Periodic Reporting for period 3 - AtoFun (Atomic Scale Defects: Structure and Function)
Reporting period: 2020-03-01 to 2021-08-31
Transmission electron microscopy revolutionised the study of atomic scale defects by enabling their direct imaging. The novel coherent X-ray diffraction techniques developed in this project promise a similar advancement, making it possible to probe the strain fields that govern defect interactions in 3D with high spatial resolution (<10 nm). They will allow us to clarify the effect of impurities and retained gas on dislocation strain fields, shedding light on opportunities to engineer dislocation properties. The exceptional strain sensitivity of coherent diffraction will enable us to explore the fundamental mechanisms governing the behaviour of ion-implantation-induced point defects that are invisible to TEM. While we concentrate on dislocations and point defects, the new techniques will apply to all crystalline materials where defects are important. Our characterisation of defect structure will be combined with laser transient grating measurements of thermal transport changes due to specific defect populations. This unique multifaceted perspective of defect behaviour will transform our ability to devise modelling approaches linking defect structure to material function.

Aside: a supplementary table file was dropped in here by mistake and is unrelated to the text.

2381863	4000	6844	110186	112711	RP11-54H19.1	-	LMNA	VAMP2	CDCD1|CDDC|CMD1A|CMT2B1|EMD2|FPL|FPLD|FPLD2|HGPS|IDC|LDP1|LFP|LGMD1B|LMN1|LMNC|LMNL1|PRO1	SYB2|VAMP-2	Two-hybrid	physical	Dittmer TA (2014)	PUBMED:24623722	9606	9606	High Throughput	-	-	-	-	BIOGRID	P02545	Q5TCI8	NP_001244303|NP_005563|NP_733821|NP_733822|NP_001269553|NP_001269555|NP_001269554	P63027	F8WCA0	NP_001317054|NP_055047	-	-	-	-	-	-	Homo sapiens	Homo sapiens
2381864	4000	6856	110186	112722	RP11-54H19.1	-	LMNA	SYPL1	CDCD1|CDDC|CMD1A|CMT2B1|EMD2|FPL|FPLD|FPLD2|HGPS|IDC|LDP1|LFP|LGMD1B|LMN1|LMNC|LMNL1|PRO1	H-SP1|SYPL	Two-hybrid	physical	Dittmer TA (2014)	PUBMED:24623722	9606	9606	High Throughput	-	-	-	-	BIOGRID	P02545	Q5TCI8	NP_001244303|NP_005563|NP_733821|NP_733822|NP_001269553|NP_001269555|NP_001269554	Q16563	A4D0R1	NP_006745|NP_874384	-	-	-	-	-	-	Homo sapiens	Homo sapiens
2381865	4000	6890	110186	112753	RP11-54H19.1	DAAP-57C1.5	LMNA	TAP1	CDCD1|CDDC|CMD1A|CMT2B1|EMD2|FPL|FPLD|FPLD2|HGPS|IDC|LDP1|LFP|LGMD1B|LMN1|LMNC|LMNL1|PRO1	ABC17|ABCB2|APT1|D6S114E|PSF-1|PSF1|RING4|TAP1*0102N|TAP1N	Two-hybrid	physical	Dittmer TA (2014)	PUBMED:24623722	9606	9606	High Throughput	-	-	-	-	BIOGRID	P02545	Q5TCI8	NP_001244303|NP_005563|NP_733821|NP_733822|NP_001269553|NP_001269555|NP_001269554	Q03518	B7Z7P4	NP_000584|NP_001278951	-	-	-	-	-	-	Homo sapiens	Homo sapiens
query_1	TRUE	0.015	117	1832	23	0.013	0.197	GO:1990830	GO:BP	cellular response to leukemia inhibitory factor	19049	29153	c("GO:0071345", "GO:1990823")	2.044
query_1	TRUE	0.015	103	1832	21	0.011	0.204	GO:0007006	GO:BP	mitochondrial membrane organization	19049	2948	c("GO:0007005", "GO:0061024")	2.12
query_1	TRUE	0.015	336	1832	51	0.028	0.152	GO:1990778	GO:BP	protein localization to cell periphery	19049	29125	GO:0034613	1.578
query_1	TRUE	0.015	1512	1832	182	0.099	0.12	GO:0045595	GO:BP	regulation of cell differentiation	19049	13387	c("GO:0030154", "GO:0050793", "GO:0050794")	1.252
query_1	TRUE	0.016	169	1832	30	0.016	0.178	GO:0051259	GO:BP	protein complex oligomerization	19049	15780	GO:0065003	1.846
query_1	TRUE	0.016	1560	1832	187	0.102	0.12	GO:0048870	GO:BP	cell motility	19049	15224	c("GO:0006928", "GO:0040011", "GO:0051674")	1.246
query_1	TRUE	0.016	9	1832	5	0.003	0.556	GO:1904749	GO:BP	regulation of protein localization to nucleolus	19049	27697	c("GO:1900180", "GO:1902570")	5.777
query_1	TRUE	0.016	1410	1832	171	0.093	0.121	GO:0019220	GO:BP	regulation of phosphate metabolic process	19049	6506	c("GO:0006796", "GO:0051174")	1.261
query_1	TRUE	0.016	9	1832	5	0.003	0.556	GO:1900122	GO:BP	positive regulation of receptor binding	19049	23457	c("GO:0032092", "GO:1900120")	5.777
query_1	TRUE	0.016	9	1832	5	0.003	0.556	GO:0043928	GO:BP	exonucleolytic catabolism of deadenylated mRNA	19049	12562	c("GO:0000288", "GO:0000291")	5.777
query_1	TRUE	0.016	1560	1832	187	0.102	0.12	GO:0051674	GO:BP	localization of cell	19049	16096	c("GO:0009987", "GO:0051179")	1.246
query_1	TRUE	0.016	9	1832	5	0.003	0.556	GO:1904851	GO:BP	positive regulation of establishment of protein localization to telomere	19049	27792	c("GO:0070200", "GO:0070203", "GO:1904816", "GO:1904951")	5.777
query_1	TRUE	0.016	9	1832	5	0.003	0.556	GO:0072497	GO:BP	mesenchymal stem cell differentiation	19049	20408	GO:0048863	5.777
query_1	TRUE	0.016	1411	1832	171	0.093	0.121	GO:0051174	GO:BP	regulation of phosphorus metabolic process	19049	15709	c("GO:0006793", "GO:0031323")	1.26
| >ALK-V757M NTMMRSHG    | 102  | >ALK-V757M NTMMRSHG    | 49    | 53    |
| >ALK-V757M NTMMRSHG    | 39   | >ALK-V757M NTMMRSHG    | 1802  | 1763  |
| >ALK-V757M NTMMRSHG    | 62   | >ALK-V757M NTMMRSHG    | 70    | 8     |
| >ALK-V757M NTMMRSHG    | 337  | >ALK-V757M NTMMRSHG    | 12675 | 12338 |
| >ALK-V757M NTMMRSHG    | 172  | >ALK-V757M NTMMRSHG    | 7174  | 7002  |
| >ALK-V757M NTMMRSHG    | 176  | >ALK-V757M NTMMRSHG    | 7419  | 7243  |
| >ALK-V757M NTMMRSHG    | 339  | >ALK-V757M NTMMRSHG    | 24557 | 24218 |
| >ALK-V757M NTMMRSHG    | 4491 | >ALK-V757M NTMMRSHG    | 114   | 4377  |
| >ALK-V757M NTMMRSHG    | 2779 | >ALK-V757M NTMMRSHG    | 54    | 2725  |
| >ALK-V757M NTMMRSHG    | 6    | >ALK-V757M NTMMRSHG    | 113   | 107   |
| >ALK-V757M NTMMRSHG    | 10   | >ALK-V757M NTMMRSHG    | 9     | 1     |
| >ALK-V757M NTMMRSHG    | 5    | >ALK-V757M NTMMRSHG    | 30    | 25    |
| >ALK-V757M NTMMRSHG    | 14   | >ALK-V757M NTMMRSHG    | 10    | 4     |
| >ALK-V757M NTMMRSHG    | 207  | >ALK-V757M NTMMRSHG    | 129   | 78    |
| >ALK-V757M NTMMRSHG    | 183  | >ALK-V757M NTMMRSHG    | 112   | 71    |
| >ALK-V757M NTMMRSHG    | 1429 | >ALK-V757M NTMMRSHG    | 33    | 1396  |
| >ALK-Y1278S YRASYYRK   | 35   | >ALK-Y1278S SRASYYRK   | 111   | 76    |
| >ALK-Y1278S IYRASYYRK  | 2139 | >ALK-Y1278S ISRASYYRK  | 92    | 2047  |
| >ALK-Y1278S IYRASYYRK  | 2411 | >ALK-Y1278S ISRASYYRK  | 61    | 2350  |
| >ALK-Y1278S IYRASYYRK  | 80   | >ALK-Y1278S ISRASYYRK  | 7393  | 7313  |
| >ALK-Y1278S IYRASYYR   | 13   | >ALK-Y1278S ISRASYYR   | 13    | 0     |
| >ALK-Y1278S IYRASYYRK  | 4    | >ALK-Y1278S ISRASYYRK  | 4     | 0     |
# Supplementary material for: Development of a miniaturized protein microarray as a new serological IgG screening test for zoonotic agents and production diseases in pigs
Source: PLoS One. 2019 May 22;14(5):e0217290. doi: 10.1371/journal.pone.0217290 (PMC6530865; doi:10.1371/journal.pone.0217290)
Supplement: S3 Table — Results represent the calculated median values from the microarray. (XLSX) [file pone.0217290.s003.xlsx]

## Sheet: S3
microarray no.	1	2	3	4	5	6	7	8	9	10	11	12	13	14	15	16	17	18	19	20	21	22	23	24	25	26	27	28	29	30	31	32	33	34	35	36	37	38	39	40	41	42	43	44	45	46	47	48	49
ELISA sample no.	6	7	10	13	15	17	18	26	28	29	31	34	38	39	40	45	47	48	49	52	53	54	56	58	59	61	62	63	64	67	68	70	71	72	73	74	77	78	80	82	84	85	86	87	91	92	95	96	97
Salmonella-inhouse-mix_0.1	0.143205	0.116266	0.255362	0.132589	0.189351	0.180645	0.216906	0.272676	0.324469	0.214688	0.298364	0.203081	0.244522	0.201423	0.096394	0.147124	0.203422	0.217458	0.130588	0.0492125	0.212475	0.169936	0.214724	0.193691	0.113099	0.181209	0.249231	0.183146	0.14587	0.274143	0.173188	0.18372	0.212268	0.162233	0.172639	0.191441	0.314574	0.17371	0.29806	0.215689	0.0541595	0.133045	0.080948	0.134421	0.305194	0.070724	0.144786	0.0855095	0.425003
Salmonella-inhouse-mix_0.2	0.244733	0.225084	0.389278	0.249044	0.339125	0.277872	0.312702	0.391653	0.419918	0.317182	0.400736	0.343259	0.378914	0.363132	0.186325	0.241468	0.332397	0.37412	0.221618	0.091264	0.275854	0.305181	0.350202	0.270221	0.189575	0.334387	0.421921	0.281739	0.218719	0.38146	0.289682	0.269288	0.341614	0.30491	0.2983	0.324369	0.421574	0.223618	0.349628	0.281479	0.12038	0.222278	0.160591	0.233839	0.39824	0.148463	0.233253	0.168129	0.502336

A deep, fundamental understanding of atomic scale defects and their effect on material function is an essential prerequisite for exploiting and engineering defects to enhance material properties for next generation power generation, energy storage and transport applications.
In parallel we have developed a new laser transient grating setup that allows high accuracy measurement of elastic properties and thermal transport at the micro- and nano-scale. Initial validation experiments have shown excellent performance of the setup and we are now looking forward to using it to examine the changes caused by crystal defects.